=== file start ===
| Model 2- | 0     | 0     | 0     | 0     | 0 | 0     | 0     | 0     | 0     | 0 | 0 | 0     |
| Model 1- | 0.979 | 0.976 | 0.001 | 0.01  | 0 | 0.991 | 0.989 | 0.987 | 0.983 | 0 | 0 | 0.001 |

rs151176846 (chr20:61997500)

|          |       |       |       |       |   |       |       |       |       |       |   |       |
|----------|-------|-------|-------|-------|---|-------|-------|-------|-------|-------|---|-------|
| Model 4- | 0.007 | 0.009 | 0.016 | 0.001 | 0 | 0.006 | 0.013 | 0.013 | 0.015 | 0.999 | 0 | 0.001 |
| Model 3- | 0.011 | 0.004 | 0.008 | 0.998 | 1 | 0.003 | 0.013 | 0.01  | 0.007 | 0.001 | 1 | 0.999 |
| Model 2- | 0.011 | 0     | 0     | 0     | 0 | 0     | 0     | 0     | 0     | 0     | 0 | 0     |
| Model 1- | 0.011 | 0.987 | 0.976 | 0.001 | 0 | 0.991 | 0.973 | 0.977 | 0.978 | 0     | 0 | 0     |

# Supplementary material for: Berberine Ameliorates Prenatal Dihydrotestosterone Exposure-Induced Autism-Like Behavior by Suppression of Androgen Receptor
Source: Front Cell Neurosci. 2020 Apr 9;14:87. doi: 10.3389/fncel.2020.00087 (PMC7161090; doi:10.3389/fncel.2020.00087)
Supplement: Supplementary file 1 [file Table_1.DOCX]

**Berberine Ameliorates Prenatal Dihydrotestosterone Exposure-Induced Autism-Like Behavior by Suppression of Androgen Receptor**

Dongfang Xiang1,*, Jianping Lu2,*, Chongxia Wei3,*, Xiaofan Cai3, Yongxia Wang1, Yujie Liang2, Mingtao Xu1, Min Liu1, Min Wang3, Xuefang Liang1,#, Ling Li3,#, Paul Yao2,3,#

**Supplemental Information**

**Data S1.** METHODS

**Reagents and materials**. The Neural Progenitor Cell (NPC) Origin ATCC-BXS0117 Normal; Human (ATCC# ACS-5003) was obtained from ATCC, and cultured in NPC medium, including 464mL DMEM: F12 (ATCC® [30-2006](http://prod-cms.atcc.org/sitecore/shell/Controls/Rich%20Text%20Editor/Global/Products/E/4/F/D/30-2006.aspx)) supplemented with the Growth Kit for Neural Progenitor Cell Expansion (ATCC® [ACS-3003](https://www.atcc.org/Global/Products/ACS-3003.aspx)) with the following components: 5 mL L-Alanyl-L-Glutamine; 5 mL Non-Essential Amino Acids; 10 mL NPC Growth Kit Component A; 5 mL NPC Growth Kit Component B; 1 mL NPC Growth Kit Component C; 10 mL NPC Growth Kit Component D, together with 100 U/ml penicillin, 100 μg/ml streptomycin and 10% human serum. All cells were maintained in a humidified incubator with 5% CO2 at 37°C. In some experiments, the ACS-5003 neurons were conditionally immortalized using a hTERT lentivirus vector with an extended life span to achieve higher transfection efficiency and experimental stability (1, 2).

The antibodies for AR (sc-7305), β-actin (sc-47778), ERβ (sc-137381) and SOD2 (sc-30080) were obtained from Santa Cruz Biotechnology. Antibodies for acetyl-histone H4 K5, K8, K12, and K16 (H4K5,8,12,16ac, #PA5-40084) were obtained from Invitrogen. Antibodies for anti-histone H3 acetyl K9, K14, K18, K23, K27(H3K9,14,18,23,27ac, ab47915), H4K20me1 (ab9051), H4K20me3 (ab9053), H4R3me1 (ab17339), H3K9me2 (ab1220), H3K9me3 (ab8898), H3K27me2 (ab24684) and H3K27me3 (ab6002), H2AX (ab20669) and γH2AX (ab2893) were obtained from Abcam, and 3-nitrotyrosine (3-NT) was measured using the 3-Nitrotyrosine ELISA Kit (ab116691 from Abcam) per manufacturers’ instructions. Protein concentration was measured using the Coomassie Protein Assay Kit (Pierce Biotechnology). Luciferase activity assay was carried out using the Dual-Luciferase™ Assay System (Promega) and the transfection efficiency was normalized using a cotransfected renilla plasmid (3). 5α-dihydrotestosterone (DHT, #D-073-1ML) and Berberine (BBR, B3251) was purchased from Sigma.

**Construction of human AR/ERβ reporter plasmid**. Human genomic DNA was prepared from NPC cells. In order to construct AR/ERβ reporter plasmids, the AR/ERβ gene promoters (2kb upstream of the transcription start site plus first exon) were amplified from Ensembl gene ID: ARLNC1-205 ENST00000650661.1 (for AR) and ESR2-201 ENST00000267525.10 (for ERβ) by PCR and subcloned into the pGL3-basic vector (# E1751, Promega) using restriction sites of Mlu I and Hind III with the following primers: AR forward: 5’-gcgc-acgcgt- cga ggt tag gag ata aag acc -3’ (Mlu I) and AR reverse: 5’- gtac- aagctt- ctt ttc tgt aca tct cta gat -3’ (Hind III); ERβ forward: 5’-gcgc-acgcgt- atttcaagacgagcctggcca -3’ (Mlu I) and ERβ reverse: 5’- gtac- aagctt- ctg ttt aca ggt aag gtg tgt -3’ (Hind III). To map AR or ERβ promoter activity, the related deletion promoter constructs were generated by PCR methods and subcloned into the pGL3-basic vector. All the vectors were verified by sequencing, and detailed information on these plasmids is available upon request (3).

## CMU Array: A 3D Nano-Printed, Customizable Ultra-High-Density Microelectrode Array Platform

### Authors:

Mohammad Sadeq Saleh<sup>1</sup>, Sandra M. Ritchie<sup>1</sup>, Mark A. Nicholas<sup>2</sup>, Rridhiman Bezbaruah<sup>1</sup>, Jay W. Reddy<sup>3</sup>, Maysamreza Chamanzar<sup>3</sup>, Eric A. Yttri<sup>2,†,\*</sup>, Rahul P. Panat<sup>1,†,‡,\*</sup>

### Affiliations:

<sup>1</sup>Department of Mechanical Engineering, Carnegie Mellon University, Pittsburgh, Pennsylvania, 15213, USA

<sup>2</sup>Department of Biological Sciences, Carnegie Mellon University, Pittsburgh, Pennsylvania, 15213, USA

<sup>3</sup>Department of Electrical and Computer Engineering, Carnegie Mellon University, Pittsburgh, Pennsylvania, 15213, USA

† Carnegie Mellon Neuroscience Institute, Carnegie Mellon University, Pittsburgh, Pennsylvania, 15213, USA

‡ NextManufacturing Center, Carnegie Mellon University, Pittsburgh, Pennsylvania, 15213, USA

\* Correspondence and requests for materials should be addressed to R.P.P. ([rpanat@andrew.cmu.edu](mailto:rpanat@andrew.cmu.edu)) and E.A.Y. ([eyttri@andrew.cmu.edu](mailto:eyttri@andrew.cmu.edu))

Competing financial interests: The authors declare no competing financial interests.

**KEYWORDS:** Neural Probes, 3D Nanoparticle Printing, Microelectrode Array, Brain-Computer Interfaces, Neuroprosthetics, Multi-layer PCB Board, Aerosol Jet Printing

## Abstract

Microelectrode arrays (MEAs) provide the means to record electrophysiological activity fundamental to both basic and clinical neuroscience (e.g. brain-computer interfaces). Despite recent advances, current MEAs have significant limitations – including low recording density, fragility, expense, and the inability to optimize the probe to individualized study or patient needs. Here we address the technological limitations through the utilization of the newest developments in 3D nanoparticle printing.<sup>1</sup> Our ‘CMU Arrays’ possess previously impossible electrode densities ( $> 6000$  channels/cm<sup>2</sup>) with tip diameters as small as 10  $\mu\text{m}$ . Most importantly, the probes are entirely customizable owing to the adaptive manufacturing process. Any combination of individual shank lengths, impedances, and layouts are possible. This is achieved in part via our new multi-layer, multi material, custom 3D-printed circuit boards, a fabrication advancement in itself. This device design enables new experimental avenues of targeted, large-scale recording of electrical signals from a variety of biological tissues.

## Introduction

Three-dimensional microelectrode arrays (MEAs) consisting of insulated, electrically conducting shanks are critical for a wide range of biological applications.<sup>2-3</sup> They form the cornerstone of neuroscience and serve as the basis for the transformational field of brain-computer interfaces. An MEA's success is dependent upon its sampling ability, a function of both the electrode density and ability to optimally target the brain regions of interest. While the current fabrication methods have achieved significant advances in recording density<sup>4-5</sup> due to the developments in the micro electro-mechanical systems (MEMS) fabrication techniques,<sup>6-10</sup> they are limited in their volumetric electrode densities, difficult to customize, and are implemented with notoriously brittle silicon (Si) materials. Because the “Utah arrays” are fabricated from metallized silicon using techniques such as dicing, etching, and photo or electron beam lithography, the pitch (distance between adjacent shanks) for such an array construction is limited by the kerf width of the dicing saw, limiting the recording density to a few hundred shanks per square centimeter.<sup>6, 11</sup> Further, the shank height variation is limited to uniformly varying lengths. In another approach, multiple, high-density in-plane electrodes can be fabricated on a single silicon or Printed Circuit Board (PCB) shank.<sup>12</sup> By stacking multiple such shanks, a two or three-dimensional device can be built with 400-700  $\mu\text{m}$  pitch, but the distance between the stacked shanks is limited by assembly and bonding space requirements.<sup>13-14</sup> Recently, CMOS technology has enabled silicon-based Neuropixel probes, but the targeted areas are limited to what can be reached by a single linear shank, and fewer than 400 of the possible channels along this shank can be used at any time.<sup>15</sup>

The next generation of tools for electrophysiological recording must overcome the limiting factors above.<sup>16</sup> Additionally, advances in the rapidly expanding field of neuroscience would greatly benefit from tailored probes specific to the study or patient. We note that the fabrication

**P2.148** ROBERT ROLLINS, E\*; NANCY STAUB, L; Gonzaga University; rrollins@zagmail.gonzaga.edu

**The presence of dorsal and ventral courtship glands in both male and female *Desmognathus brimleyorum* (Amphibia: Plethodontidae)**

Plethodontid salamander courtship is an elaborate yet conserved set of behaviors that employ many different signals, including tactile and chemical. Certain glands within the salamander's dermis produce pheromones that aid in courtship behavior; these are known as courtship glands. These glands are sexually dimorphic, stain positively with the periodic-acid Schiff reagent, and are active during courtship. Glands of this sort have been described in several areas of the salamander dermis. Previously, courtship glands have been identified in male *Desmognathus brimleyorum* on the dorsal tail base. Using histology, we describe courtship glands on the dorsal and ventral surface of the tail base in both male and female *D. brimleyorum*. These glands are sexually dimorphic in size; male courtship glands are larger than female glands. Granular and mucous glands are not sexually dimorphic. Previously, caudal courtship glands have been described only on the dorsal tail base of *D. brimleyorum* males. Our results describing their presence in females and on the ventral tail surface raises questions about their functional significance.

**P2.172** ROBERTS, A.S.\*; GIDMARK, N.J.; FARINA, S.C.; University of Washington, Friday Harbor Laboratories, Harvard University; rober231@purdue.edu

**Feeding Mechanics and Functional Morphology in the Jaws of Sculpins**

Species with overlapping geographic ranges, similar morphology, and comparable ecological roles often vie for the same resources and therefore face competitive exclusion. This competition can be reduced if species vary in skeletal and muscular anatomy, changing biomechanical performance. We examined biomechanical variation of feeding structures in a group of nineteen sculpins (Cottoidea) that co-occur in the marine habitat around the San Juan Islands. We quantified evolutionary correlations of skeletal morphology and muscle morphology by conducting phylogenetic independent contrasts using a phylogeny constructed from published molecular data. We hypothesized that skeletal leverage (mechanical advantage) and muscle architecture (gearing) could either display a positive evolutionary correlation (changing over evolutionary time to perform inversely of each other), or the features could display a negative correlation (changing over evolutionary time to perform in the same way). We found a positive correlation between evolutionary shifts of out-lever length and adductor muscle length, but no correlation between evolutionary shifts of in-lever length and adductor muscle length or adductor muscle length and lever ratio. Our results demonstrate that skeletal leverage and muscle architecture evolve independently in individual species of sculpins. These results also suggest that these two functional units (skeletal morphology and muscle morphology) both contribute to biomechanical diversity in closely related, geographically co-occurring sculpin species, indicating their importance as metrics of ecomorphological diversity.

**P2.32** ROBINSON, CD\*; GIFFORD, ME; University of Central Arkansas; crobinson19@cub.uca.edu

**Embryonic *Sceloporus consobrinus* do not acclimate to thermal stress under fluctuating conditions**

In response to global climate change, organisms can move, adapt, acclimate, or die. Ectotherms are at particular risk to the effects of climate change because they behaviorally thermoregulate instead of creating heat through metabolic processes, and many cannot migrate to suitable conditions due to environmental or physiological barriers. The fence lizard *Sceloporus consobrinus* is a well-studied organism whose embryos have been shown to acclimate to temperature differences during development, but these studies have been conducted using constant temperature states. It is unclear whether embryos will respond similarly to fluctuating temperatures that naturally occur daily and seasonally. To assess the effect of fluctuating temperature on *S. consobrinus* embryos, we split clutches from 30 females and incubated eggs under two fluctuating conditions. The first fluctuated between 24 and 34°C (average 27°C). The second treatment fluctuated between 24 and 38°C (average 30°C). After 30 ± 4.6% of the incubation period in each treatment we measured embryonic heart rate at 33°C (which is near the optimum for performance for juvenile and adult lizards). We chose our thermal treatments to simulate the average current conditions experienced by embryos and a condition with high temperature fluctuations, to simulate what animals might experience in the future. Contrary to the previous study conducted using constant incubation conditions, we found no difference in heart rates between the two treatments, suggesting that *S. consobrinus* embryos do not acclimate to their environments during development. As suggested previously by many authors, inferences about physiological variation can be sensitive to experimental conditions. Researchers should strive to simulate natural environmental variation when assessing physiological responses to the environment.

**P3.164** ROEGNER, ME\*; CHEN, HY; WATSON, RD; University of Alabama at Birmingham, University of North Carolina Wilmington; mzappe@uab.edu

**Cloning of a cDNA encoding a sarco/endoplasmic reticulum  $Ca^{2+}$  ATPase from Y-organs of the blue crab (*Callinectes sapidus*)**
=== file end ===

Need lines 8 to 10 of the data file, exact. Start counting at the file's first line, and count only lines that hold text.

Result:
| Model 2- | 0.011 | 0     | 0     | 0     | 0 | 0     | 0     | 0     | 0     | 0     | 0 | 0     |
| Model 1- | 0.011 | 0.987 | 0.976 | 0.001 | 0 | 0.991 | 0.973 | 0.977 | 0.978 | 0     | 0 | 0     |

# Supplementary material for: Berberine Ameliorates Prenatal Dihydrotestosterone Exposure-Induced Autism-Like Behavior by Suppression of Androgen Receptor